What Gardening and Your Wealth Have in Common
An effective way to learn a complicated industry is to find parallels between it and other industries that you are already familiar with. In founding Pomona we made the distinct link between gardening and investing. Remember, Pomona was the Roman goddess of orchards.
The two may seem miles apart, but gardening and investing are driven by a lot of the same forces, and the things that trip people up in gardening are the same forces that derail investors. The behaviours needed for long-term success in both fields are simple but challenging for many.
In gardening, it is good planning, correct planting, watering and pruning – not too much of it but regularly. In investing it is saving money, investing for the long term, keeping expenses low, and avoid debt. Neither field requires scientific research, however, incredible amounts of self-control and delayed gratification and these areas arewhere the challenges lie.
Both disciplines have numerous fees that are mostly out of sight, out of mind. Gardening costs, a seed here, a bulb there, are always small amounts and does add up over time and the fruits of your work tend to be cheaper in financial terms and easier to get by at your local supermarket. Financial fees are mostly paid automatically and you never see an actual bill. In both cases, consumers can easily not notice how much they are paying, or whether they are getting a good deal. This makes both industries a breeding ground for inefficiency.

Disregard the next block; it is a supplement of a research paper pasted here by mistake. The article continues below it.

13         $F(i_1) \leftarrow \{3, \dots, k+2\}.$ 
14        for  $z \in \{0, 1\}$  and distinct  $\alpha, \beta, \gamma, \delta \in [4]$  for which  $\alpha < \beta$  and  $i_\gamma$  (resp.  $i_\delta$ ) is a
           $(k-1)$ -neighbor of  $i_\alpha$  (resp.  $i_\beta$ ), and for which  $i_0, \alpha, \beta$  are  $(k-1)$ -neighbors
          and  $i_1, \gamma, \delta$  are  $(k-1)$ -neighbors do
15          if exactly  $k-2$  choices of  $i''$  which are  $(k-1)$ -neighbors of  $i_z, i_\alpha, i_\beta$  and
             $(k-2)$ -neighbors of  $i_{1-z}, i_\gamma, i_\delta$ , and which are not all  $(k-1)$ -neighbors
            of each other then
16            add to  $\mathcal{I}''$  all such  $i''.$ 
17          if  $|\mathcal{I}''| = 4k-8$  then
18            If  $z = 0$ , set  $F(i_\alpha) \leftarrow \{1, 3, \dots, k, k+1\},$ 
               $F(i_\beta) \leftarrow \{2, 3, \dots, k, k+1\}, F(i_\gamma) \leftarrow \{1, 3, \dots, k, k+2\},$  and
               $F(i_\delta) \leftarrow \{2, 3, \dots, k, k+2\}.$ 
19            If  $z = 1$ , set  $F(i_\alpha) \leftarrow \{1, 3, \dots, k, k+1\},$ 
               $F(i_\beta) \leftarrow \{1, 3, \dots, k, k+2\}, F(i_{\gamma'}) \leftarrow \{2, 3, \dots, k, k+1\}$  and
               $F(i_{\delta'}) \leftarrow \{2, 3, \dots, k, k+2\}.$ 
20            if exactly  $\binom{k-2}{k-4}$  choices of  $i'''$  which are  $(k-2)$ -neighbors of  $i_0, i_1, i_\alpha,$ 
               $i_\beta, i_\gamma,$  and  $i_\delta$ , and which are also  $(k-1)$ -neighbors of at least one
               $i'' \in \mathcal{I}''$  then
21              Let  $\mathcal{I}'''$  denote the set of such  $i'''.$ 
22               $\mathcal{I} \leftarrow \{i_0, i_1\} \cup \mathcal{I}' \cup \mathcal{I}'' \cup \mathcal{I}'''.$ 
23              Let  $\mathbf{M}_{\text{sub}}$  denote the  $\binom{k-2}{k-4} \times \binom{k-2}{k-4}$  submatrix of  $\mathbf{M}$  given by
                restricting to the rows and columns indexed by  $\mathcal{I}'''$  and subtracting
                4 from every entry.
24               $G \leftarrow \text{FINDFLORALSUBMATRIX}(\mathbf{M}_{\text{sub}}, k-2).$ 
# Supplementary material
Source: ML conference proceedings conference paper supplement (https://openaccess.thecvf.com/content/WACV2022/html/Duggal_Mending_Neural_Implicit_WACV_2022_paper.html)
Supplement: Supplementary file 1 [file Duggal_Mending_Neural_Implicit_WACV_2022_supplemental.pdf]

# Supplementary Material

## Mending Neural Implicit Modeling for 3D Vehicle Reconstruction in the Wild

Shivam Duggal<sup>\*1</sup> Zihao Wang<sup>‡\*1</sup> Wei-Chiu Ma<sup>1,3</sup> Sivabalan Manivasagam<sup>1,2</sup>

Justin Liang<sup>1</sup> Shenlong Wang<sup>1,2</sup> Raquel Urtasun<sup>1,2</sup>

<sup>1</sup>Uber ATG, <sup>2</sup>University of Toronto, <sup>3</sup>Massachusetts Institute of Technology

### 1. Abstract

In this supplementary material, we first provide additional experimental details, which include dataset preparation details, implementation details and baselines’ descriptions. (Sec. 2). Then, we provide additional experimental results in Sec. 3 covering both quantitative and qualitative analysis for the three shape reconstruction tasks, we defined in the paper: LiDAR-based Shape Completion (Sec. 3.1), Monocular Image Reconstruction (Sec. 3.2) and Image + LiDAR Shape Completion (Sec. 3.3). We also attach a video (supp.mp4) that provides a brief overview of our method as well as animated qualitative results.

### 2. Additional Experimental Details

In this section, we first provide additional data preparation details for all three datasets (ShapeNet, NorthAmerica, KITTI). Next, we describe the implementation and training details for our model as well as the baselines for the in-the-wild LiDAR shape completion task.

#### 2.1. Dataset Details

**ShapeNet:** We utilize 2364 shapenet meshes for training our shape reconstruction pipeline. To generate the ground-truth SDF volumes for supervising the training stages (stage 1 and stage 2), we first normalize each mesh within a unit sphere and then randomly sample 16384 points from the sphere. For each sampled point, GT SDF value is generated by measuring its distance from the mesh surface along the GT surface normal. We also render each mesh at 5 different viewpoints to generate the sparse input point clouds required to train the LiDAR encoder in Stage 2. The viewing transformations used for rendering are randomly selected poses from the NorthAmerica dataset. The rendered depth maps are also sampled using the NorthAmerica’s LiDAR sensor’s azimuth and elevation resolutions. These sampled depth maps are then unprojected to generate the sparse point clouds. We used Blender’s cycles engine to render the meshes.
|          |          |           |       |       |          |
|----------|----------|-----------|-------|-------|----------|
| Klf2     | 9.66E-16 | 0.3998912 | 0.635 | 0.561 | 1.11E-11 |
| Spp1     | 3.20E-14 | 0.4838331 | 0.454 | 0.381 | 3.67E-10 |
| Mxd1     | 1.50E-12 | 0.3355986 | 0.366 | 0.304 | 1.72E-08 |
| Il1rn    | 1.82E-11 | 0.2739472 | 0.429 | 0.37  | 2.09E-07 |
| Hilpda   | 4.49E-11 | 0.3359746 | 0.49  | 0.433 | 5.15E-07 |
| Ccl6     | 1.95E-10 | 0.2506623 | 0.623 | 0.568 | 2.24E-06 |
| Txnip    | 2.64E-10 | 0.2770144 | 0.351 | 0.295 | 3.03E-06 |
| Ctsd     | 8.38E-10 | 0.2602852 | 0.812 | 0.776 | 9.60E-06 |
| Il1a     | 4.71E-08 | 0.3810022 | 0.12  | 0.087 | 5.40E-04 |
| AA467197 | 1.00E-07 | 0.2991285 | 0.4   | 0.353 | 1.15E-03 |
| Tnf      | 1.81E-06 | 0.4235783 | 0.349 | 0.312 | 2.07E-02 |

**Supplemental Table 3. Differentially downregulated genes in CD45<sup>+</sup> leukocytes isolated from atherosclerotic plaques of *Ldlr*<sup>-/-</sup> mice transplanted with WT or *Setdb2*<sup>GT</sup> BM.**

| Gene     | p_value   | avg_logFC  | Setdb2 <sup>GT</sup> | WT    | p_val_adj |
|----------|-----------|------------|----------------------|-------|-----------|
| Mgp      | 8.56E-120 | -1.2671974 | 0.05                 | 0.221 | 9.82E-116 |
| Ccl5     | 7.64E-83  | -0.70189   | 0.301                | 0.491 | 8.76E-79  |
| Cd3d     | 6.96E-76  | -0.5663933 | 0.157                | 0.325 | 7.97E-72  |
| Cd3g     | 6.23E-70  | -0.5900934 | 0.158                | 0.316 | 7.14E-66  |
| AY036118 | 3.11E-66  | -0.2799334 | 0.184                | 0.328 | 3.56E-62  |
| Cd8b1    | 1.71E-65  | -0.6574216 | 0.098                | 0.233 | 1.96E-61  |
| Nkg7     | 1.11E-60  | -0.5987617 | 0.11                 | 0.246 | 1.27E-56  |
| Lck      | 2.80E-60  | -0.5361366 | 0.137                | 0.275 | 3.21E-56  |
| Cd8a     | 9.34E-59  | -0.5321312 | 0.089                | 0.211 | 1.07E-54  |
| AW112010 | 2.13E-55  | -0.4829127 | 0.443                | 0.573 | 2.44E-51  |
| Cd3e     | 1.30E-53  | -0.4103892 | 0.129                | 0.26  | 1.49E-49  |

In both gardening and investing, professional advisors can offer good advice that their clients choose to not adopt. The horticulturist advises the owner how to treat the soil, or when to prune the trees. The impact of not following the advice may not seem obvious at first and the owner agrees in principle, however, feels it can do without fertiliser or pruning can wait a while longer. In financial terms, young trees of profit could be impacted without this type of care. In both fields, one of the biggest challengesis not recommending the best plan; it is remaining on course with the plan — especially when it is at odds with psychological temptations that pull us in another direction.
Things change and need to be adapted. In gardening, it is a pest that spreads and afflicts your precious plants; in investing, it is an industry or economy that changes direction and morphs into something people have never seen before by a setback.
Even if you do everything right you will be occasionally rocked by a setback. In gardening, it could be a late frost. In investing it could be a bear market or a recession. Neither is a sign of poor decisions. It is an inevitable bump over a normal long-term path.
In both investing and gardening, you can do everything right and still have a terrible long-term outcome due to luck or lack of it. Both are fields ruled by odds, not certainties.
What can gardening teach us about investing?
What matters is not making brilliant decisions, but making pretty good decisions for a long period of time. It is easier to discount simplicity in favour of complex solutions, but sometimes the simplest solutions are the most powerful.
In gardening, it is not finding a miracle plant; it is planning well and choosing plants that are suited best for the soil and climate conditions. In investing, it is not finding the secret formula; but saving regularly and buying into good companies for years or decades.